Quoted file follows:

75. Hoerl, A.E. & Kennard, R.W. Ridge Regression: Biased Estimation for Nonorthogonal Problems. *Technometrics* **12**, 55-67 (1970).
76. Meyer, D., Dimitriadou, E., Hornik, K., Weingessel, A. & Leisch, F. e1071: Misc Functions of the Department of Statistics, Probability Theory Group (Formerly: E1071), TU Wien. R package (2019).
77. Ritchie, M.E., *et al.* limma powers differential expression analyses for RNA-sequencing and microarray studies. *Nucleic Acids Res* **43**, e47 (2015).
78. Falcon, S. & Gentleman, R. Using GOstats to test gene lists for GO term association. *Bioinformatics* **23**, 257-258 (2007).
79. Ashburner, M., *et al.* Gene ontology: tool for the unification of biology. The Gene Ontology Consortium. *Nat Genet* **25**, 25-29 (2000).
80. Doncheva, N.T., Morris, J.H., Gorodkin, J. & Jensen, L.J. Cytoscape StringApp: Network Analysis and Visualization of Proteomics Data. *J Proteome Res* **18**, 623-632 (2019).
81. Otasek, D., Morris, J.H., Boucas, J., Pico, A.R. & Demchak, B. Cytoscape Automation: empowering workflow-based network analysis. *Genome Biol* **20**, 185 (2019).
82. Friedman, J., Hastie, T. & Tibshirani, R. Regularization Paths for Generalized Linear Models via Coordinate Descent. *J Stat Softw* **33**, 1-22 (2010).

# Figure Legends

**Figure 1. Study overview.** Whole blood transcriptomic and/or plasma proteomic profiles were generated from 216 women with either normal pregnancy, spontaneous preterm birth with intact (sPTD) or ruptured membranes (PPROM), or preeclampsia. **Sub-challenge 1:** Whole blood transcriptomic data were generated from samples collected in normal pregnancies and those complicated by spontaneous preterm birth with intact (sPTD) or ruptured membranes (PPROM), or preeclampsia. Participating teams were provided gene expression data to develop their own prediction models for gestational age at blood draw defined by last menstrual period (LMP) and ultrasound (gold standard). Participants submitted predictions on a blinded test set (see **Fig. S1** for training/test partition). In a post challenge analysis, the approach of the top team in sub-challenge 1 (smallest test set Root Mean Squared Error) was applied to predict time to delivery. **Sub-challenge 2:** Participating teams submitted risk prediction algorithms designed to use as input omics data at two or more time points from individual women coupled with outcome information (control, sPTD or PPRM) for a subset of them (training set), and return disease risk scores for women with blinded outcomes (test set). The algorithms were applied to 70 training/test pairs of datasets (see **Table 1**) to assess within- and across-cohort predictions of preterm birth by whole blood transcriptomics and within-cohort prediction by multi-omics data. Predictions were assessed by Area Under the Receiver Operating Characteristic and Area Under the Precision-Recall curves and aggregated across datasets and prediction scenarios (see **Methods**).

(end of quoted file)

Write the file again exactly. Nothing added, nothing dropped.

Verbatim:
75. Hoerl, A.E. & Kennard, R.W. Ridge Regression: Biased Estimation for Nonorthogonal Problems. *Technometrics* **12**, 55-67 (1970).
76. Meyer, D., Dimitriadou, E., Hornik, K., Weingessel, A. & Leisch, F. e1071: Misc Functions of the Department of Statistics, Probability Theory Group (Formerly: E1071), TU Wien. R package (2019).
77. Ritchie, M.E., *et al.* limma powers differential expression analyses for RNA-sequencing and microarray studies. *Nucleic Acids Res* **43**, e47 (2015).
78. Falcon, S. & Gentleman, R. Using GOstats to test gene lists for GO term association. *Bioinformatics* **23**, 257-258 (2007).
79. Ashburner, M., *et al.* Gene ontology: tool for the unification of biology. The Gene Ontology Consortium. *Nat Genet* **25**, 25-29 (2000).
80. Doncheva, N.T., Morris, J.H., Gorodkin, J. & Jensen, L.J. Cytoscape StringApp: Network Analysis and Visualization of Proteomics Data. *J Proteome Res* **18**, 623-632 (2019).
81. Otasek, D., Morris, J.H., Boucas, J., Pico, A.R. & Demchak, B. Cytoscape Automation: empowering workflow-based network analysis. *Genome Biol* **20**, 185 (2019).
82. Friedman, J., Hastie, T. & Tibshirani, R. Regularization Paths for Generalized Linear Models via Coordinate Descent. *J Stat Softw* **33**, 1-22 (2010).

# Figure Legends

**Figure 1. Study overview.** Whole blood transcriptomic and/or plasma proteomic profiles were generated from 216 women with either normal pregnancy, spontaneous preterm birth with intact (sPTD) or ruptured membranes (PPROM), or preeclampsia. **Sub-challenge 1:** Whole blood transcriptomic data were generated from samples collected in normal pregnancies and those complicated by spontaneous preterm birth with intact (sPTD) or ruptured membranes (PPROM), or preeclampsia. Participating teams were provided gene expression data to develop their own prediction models for gestational age at blood draw defined by last menstrual period (LMP) and ultrasound (gold standard). Participants submitted predictions on a blinded test set (see **Fig. S1** for training/test partition). In a post challenge analysis, the approach of the top team in sub-challenge 1 (smallest test set Root Mean Squared Error) was applied to predict time to delivery. **Sub-challenge 2:** Participating teams submitted risk prediction algorithms designed to use as input omics data at two or more time points from individual women coupled with outcome information (control, sPTD or PPRM) for a subset of them (training set), and return disease risk scores for women with blinded outcomes (test set). The algorithms were applied to 70 training/test pairs of datasets (see **Table 1**) to assess within- and across-cohort predictions of preterm birth by whole blood transcriptomics and within-cohort prediction by multi-omics data. Predictions were assessed by Area Under the Receiver Operating Characteristic and Area Under the Precision-Recall curves and aggregated across datasets and prediction scenarios (see **Methods**).